Released 20 years ago this month, Spike Lee’s Do The Right Thing was one of the most controversial films of its time. It was praised in many quarters for its script, direction, photography, acting and music, and singled out by some prominent critics as a rich and multifaceted drama about racism, police brutality and the dynamics of an urban community. Others condemned it as contrived, unrealistic, shrill, even irresponsible—a potent work of propaganda intended to stoke racial resentment, perhaps even incite violence.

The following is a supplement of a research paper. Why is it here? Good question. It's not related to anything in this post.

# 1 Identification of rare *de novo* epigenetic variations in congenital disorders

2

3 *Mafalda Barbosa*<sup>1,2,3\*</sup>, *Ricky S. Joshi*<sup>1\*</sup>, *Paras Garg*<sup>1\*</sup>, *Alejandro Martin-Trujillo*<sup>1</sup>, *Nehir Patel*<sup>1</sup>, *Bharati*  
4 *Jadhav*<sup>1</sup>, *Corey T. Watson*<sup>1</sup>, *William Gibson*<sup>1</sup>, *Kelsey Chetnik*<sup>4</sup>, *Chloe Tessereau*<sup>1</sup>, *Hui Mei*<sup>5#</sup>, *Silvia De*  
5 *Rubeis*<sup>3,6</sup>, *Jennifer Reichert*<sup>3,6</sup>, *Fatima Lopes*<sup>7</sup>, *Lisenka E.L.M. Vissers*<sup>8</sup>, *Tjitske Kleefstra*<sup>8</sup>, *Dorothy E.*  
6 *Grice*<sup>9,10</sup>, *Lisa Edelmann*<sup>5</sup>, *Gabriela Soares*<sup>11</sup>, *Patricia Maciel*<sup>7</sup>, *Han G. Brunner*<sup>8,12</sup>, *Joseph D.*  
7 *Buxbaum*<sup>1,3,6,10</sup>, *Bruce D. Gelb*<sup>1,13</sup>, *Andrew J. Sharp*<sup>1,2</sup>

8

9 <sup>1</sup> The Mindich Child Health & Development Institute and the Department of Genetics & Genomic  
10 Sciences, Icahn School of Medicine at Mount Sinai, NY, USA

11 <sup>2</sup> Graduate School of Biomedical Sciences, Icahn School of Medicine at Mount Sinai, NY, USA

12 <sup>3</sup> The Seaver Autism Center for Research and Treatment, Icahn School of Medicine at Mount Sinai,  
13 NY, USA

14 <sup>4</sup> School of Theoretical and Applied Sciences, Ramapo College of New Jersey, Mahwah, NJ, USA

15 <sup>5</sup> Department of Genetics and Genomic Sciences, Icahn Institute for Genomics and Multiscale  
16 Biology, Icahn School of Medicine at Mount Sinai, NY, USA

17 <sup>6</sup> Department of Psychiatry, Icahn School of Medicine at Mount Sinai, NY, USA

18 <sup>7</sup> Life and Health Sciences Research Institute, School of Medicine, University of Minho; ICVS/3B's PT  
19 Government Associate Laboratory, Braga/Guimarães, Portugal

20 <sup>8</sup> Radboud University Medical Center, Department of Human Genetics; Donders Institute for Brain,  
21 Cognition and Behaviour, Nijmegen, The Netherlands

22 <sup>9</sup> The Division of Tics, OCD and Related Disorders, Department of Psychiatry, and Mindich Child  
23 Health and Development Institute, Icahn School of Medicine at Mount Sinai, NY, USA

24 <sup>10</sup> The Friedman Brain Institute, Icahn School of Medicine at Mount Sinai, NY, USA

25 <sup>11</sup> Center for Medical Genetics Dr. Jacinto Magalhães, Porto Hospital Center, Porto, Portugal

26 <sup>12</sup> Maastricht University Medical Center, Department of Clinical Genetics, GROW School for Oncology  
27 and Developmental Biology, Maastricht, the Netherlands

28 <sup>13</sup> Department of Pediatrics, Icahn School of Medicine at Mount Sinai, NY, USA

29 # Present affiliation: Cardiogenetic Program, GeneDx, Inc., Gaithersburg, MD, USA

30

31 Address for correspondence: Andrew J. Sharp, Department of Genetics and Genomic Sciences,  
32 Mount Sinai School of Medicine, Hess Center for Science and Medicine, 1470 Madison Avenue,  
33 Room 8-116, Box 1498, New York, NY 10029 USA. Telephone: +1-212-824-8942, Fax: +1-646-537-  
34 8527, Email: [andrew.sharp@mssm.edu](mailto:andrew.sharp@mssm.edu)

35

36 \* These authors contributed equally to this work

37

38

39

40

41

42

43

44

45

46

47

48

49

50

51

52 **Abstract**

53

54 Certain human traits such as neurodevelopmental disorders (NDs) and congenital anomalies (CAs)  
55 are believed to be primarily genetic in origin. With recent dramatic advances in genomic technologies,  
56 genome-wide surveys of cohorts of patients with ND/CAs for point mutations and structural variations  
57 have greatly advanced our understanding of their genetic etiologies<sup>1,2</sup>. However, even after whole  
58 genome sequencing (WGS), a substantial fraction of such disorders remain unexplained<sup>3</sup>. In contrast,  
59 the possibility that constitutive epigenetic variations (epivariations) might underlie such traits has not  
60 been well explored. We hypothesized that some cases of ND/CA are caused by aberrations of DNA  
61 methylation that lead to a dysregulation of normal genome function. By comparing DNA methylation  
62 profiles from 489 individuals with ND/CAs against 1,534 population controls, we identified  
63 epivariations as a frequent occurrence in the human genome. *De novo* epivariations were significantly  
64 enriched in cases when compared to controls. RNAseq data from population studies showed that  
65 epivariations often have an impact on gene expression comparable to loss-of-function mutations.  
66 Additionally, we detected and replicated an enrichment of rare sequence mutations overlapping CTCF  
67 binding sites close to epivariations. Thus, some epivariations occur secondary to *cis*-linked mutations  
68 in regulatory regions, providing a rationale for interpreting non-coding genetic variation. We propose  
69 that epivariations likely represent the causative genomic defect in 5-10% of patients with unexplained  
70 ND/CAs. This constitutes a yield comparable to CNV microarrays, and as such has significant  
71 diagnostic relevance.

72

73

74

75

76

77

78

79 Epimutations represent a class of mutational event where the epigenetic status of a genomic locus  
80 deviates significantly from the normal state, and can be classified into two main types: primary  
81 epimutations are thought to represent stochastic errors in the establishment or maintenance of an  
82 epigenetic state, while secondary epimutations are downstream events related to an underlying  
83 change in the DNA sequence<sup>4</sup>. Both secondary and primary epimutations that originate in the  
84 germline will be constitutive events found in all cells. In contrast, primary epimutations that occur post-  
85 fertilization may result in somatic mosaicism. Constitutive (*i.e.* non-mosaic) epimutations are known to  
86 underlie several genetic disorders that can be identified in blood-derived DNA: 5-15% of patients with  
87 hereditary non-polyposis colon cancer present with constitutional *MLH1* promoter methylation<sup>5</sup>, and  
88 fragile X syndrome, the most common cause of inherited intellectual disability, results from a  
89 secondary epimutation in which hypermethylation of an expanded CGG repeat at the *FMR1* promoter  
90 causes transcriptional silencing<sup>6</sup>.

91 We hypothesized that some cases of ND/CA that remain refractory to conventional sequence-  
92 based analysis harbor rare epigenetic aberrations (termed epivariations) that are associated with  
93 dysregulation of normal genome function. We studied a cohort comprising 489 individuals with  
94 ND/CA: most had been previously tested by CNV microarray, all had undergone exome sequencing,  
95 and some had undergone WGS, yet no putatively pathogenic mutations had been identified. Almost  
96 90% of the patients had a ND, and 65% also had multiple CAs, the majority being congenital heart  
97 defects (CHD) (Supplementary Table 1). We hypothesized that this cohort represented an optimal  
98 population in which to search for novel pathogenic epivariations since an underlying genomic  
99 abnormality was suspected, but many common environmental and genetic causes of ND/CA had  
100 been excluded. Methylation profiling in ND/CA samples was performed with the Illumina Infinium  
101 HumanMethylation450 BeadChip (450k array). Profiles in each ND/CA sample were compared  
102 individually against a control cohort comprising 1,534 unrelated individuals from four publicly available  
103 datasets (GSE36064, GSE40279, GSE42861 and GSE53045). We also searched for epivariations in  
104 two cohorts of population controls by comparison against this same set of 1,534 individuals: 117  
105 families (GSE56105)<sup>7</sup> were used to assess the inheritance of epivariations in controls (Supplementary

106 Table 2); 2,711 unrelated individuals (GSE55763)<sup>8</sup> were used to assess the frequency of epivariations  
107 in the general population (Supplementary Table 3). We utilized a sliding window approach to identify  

That there were no notably violent incidents at theaters showing Do the Right Thing is a matter of public record. But one doubts this was merely a lucky break on Lee’s part. A close look at the movie’s construction confirms not just its entertainment value and political relevance, but its generosity of spirit. Do the Right Thing is not a film-as-argument. It’s a film about arguments. More specifically, it’s about the roots of the grievances people hold and the anger they unleash.